Westpac has continued the run of dizzying profits from the big four banks by reporting a strong 10 per cent jump in first-half cash earnings to a record $3.525 billion - allowing it to boost investor coffers with a surprise special dividend.
The earnings result exceeded analyst expectations of $3.41 billion as the bank grew its profits across all its core divisions.
The bank declared a fully franked 86¢ interim dividend, but the kicker was a further fully franked special dividend of 10¢ a share, rewarding investors who had backed Westpac replicating the fat profits and high yields of the other major banks. This included ANZ, which reported a similarly strong result this week.
But despite the strength of the result, chief executive Gail Kelly insisted the banking industry was operating in a "tough" environment, and that there were "a number of breaks" in the economy, with consumers cautious, business confidence lacklustre and lending growth subdued.
Mrs Kelly said that while wholesale funding costs - which were driven up by the credit crunch during the financial crisis - have eased, the competition in the chase for customer deposits had seen banks' overall funding costs continue to rise.
Persistently high overall funding costs is the reason maintained by all the big four banks for not passing on all of the RBA's rate cuts in the recent rate-cutting cycle, a particularly sore point for mortgage-holders - and for Treasurer Wayne Swan.
"From an overall point of view, funding costs continue to go up," Mrs Kelly told reporters in Sydney on Friday. "Less than they used to before, but they haven't started to decline."
Westpac reported a growth in its lending of $15 billion, or 3 per cent in the past six months, primarily driven by home loans, while customer deposits increased $40 billion to $360 billion, up 12 per cent.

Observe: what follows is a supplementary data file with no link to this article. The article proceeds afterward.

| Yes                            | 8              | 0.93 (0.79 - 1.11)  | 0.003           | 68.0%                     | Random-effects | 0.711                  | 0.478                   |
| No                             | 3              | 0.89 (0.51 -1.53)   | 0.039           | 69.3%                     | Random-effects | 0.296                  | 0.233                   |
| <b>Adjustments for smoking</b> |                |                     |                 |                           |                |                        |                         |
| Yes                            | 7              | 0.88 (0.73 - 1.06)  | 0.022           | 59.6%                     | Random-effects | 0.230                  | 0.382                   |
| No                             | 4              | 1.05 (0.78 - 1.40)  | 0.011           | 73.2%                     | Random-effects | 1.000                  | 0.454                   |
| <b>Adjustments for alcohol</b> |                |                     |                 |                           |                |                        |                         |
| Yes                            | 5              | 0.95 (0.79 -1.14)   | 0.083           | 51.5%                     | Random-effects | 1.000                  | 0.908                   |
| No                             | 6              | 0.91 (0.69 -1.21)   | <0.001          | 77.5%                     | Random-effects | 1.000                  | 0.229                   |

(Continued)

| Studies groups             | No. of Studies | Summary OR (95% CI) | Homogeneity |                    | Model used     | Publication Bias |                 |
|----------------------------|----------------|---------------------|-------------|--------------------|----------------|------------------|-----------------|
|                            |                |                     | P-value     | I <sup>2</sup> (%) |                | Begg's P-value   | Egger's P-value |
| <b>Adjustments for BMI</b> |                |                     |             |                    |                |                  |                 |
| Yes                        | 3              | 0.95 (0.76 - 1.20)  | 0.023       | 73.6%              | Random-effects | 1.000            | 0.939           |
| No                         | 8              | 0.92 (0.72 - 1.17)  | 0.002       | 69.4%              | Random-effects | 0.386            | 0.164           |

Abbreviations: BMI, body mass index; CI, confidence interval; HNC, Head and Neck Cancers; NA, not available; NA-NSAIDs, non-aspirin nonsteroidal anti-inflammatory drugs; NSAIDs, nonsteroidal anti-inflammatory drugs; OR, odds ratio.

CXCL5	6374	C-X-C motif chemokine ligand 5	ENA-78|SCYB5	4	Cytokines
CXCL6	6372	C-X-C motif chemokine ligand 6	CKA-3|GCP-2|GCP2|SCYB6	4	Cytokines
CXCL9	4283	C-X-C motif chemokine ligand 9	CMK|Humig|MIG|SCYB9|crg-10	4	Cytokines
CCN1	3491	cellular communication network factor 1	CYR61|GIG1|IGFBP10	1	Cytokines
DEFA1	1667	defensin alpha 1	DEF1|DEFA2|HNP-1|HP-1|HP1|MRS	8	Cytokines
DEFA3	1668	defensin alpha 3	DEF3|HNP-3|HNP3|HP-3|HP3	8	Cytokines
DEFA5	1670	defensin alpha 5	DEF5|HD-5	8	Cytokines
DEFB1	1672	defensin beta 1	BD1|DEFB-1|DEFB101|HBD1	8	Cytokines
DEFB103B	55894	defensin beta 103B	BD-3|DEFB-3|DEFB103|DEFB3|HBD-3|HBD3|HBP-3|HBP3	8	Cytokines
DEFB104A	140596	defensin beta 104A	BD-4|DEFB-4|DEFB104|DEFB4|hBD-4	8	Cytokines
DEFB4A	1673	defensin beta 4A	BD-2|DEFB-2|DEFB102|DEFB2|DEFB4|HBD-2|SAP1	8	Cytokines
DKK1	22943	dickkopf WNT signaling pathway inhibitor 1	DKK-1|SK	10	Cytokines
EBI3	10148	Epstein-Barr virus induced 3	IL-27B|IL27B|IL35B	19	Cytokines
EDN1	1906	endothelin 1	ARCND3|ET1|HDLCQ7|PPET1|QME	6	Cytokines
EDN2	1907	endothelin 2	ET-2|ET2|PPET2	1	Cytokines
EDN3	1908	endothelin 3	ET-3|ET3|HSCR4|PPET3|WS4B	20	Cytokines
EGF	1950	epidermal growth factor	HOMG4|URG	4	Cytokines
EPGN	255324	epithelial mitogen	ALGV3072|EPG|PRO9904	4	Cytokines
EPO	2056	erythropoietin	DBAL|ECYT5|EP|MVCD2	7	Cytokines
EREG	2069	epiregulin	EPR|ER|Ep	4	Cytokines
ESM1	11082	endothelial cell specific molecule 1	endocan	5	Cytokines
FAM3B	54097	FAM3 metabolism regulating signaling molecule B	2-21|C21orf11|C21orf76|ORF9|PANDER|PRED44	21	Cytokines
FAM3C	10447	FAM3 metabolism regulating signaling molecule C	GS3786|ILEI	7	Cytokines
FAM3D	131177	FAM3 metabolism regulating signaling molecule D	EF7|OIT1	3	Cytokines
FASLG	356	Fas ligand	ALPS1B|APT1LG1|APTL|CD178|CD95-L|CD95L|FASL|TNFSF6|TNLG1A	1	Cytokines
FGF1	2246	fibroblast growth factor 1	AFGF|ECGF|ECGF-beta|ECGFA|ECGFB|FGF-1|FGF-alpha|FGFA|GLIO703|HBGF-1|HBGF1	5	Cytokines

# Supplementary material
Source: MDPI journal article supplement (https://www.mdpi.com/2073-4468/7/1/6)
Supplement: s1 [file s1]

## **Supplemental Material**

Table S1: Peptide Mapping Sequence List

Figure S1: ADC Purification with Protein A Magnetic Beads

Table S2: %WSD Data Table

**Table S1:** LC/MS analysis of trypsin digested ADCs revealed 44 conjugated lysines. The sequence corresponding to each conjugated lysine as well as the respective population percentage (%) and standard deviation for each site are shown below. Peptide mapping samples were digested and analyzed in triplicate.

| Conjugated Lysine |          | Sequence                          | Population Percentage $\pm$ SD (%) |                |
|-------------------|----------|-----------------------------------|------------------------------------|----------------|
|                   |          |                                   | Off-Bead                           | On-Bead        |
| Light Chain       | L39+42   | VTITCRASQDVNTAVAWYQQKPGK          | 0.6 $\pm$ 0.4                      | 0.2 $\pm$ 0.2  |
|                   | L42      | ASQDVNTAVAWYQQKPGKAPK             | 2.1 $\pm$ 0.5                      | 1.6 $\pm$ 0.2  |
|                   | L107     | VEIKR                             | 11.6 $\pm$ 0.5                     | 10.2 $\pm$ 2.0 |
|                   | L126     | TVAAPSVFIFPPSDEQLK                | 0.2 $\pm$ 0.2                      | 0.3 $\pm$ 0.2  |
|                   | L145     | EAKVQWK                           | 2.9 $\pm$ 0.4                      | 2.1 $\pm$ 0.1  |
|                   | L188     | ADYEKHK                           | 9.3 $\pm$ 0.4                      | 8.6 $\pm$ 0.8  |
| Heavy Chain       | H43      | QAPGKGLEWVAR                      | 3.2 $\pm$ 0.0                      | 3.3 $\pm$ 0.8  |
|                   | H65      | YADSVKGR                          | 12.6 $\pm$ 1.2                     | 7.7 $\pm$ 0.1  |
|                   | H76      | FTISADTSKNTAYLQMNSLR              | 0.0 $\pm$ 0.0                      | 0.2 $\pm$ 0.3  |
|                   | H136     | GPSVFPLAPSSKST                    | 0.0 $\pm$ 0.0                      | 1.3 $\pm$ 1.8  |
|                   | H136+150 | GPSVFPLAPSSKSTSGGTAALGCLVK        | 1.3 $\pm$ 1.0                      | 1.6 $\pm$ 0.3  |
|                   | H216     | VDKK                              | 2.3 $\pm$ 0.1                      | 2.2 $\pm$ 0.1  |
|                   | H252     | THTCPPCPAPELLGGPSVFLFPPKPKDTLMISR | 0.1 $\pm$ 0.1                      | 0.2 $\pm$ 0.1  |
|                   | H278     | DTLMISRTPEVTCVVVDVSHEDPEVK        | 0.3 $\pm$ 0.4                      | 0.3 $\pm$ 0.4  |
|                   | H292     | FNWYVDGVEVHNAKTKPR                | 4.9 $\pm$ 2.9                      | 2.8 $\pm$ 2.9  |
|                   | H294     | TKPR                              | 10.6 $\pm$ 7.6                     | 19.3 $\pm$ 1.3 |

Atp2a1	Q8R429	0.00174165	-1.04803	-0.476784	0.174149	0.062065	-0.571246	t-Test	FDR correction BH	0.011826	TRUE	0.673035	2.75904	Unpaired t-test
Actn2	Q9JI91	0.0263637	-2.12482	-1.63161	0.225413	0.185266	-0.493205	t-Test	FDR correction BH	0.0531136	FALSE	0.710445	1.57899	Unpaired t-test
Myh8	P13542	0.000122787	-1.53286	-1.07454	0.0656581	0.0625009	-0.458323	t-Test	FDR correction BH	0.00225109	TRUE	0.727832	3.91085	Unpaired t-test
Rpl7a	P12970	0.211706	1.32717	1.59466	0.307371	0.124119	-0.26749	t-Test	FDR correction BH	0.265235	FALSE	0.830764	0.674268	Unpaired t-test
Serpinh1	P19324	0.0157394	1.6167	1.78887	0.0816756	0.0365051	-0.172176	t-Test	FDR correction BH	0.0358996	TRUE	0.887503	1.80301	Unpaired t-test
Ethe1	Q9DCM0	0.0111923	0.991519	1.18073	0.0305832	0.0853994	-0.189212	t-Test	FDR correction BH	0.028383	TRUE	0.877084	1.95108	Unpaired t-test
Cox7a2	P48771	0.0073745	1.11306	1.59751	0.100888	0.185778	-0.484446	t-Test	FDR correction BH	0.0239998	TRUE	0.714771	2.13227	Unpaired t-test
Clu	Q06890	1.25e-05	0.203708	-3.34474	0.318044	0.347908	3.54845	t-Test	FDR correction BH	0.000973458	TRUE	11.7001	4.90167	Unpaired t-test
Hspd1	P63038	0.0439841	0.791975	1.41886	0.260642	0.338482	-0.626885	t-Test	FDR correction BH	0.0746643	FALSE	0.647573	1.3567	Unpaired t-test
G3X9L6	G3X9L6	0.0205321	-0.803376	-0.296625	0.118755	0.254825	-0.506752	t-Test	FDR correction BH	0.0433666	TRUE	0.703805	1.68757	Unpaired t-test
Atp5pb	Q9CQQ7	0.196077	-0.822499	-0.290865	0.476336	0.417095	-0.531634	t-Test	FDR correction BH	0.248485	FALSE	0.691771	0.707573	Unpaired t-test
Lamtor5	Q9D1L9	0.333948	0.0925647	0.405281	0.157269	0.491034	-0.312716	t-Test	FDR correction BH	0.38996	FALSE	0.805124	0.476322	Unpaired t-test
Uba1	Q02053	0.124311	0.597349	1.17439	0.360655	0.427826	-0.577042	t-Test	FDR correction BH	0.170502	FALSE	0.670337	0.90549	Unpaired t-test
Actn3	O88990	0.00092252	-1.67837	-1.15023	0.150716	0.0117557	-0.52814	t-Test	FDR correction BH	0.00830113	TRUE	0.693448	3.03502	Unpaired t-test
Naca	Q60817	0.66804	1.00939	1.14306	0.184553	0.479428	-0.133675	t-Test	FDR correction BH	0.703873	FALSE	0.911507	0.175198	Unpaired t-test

Shares in Westpac soared to a record high $34.79 in early trade on Friday, before being pegged back to $33.55, down 1.0 per cent, by the day's end as investors took profits.
Analysts also pointed to weak spots in an otherwise impressive result.
Mike Wiblin, an analyst at Macquarie Securities, said the result was of a lower quality when compared with the previous half, when Westpac had stronger deposit and margins growth.
"They had everything going for them," he said. "This result, deposit growth wasn't as strong."
Mr Wiblin said investors would look at the trajectory of Westpac's future earnings growth and see that the risk was to the downside, rather than up.
"People are looking at it and saying, 'There's probably a bit more to go, but I might as well get out at this point because I've had a good run'."
Mrs Kelly was keen to emphasise that, unlike ANZ, Westpac's special dividend was not necessarily an indication of a long-term lift in its dividend payout policy.
"We followed our normal pattern, which is actually a 2¢ increase in our ordinary dividend, which really maintains our payout ratio," Mrs Kelly said. "These [the ordinary and special dividends] are not things that you add together."
Mr Wiblin said the special dividend was smaller than it could have been, which indicated Westpac was cautious about its outlook.
"Things are still a bit uncertain on the capital front," he said, adding that Westpac had the room to issue further special dividends in future if circumstances suited.